Reviews

2013 Nissan Sentra Walk Around

Nissan Sentra is larger than the subcompact Versa and smaller than the midsize Altima. The 2013 Sentra is 2.3 inches longer than the outgoing model and 0.6 inches lower, which makes the Sentra look roomy from the outside, even though it's 1.2 inches narrower. The new design has decreased drag to help with the improved fuel economy.

Certain styling cues are shared with the handsome, all-new midsize Altima. The front grille, with its angular corners, inwardly curved sides and horizontal grille lines, convey the family resemblance. LED accent lights around the headlamps add a contemporary and sophisticated touch. Headlights wrap around slightly without looking too extreme.

From the side, the Altima looks clean, with a high belt line, curvaceous nose and softly angled rear. A bold, high character line gently sweeps around the front fender, then continues straight across into the rear LED wraparound tail lamps. Standard 16-inch wheels are steel with covers; we prefer the 17-inch alloys on the SL. The 17-inch sport alloys on the SR, on the other hand, look overdone and resemble mutant arachnids.

In the rear, LED tail lights echo the angular shapes found elsewhere on the Sentra. A deep cutline around the hood makes the rear bumper prominent, even bulbous. Sentras fitted with the optional FE package have a rear decklid spoiler, which is sporty but understated.

Interior

Inside, the Sentra continues its clean, sophisticated styling. The instrument cluster is large, clear, and easy to read, with an attractive white-on-black color scheme. The steering wheel is comfortable in hand, although its myriad buttons on SV models and above can feel oddly placed and take some getting used to.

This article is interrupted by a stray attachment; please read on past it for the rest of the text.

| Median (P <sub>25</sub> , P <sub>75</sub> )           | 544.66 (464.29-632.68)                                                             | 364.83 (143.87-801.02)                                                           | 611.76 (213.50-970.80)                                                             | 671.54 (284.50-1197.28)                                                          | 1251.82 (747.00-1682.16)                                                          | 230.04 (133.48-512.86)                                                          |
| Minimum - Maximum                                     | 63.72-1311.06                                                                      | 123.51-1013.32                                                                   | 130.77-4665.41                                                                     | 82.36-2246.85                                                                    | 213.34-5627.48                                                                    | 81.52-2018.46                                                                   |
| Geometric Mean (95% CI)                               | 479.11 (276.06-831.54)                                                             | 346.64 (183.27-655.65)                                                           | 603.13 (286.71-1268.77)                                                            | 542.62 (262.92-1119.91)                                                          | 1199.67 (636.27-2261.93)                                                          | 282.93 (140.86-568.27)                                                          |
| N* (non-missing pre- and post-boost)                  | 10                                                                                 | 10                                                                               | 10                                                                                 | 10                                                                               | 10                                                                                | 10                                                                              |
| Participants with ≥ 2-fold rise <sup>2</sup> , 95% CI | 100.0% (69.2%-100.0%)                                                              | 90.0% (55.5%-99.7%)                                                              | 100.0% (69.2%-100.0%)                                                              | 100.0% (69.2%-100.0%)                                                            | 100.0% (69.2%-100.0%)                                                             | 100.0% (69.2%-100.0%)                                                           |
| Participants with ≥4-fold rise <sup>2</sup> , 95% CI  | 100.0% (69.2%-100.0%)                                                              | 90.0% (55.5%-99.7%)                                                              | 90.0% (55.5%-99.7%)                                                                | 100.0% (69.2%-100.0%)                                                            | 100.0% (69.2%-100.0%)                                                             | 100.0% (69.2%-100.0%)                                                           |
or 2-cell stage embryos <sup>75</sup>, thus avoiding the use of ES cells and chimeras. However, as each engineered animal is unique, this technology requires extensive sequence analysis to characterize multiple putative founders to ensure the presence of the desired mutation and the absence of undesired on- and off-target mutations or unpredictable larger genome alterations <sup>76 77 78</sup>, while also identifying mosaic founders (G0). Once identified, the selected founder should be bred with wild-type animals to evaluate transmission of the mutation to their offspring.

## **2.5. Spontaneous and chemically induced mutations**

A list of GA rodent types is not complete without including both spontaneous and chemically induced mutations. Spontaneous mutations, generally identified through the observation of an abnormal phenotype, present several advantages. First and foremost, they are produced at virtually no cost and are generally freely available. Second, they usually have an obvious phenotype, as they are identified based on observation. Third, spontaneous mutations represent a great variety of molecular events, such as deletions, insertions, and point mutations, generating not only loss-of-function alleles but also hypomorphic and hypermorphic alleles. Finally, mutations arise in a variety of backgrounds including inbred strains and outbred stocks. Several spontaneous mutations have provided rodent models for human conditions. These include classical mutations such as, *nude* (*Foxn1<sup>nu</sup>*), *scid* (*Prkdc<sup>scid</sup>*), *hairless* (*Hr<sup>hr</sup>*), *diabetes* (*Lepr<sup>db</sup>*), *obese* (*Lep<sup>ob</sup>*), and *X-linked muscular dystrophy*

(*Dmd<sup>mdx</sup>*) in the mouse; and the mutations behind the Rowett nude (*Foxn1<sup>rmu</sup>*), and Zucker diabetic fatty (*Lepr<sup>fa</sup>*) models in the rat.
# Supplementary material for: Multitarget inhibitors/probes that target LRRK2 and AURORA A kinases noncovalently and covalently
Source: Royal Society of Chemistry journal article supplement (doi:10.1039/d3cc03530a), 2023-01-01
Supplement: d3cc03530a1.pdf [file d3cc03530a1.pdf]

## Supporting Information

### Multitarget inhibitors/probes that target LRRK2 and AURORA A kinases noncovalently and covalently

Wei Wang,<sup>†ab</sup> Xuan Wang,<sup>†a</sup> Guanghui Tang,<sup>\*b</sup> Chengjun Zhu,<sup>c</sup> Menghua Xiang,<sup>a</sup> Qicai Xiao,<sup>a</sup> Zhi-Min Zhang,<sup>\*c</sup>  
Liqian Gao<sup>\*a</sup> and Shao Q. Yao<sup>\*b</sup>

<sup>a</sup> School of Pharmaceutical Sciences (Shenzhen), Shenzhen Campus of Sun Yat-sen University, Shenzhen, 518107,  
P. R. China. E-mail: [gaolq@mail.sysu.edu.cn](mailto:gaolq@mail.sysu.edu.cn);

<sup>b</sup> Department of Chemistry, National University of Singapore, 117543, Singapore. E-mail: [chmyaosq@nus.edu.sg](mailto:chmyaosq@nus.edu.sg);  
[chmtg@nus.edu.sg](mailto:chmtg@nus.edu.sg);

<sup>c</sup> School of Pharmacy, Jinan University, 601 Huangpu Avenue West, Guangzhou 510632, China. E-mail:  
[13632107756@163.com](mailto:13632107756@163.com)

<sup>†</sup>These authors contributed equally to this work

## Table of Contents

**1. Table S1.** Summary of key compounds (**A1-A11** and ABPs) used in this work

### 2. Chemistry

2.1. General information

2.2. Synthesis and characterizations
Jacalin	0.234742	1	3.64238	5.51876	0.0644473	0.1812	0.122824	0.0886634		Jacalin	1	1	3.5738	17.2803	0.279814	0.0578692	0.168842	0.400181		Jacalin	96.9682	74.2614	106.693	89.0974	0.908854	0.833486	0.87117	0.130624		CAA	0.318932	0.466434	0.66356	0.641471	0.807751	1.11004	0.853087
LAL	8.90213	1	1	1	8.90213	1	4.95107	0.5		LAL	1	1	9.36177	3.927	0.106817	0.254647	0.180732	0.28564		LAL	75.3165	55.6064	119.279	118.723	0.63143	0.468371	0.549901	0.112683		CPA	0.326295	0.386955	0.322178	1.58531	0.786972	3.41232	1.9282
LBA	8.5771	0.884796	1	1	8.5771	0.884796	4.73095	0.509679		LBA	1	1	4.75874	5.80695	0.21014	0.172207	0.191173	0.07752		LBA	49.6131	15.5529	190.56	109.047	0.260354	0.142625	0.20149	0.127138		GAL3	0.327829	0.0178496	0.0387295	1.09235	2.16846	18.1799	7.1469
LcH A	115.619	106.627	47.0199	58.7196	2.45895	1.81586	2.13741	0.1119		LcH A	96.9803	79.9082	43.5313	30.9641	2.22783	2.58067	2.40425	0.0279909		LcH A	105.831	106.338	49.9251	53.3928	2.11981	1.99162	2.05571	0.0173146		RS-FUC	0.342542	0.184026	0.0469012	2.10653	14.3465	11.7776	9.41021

On the center stack, climate control buttons and knobs are intuitive. Standard audio controls are simple. The optional 4.3-inch display on the Driver Package is large and easy to read, but without navigation or a backup camera, all that screen space seems wasted. Spring for the nav package, and you get a bigger, color touchscreen with NissanConnect's interface, which will read text messages aloud when paired with a compatible iPhone or Android device.

Fabric seats are comfortable, especially with the upgraded cloth. The top-end SL model gets features found normally on larger, more expensive cars, like dual-zone automatic climate control and wood trim. Although we aren't fans of the Sentra's fabric armrests and door inserts; they were soft, but were already dirty after a few hours of testing. We question whether they will be durable long-term. To avoid the fabric armrests, one must choose the SL and upgrade to the leather package. The optional leather upholstery is nice but nothing special, and it does bump up the price.

Space in the Sentra is perhaps one of its most compelling attributes. Front legroom is a roomy 42.5 inches, which is enough to accommodate tall drivers, but still can accommodate petite people without them feeling swallowed up. Nissan brags that rear legroom in the Sentra is a roomy 37.4 inches. That beats the Honda Civic, Toyota Corolla and Mazda3. However, the Sentra's low roofline takes its toll on rear headroom, which measures at 36.7 inches. So while taller passengers still have plenty of space, the head-to-leg room ratio seems rather disproportionate.

Trunk space in the Sentra measures 15.1 cubic feet, 2 cubes more than the outgoing model. That makes the Civic's and Corolla's 12.5 and 12.3 cubes, respectively, seem measly, and even bests the Hyundai Elantra's 14.8 cubic feet. Standard 60/40 split seats fold flat for even more carrying capacity.

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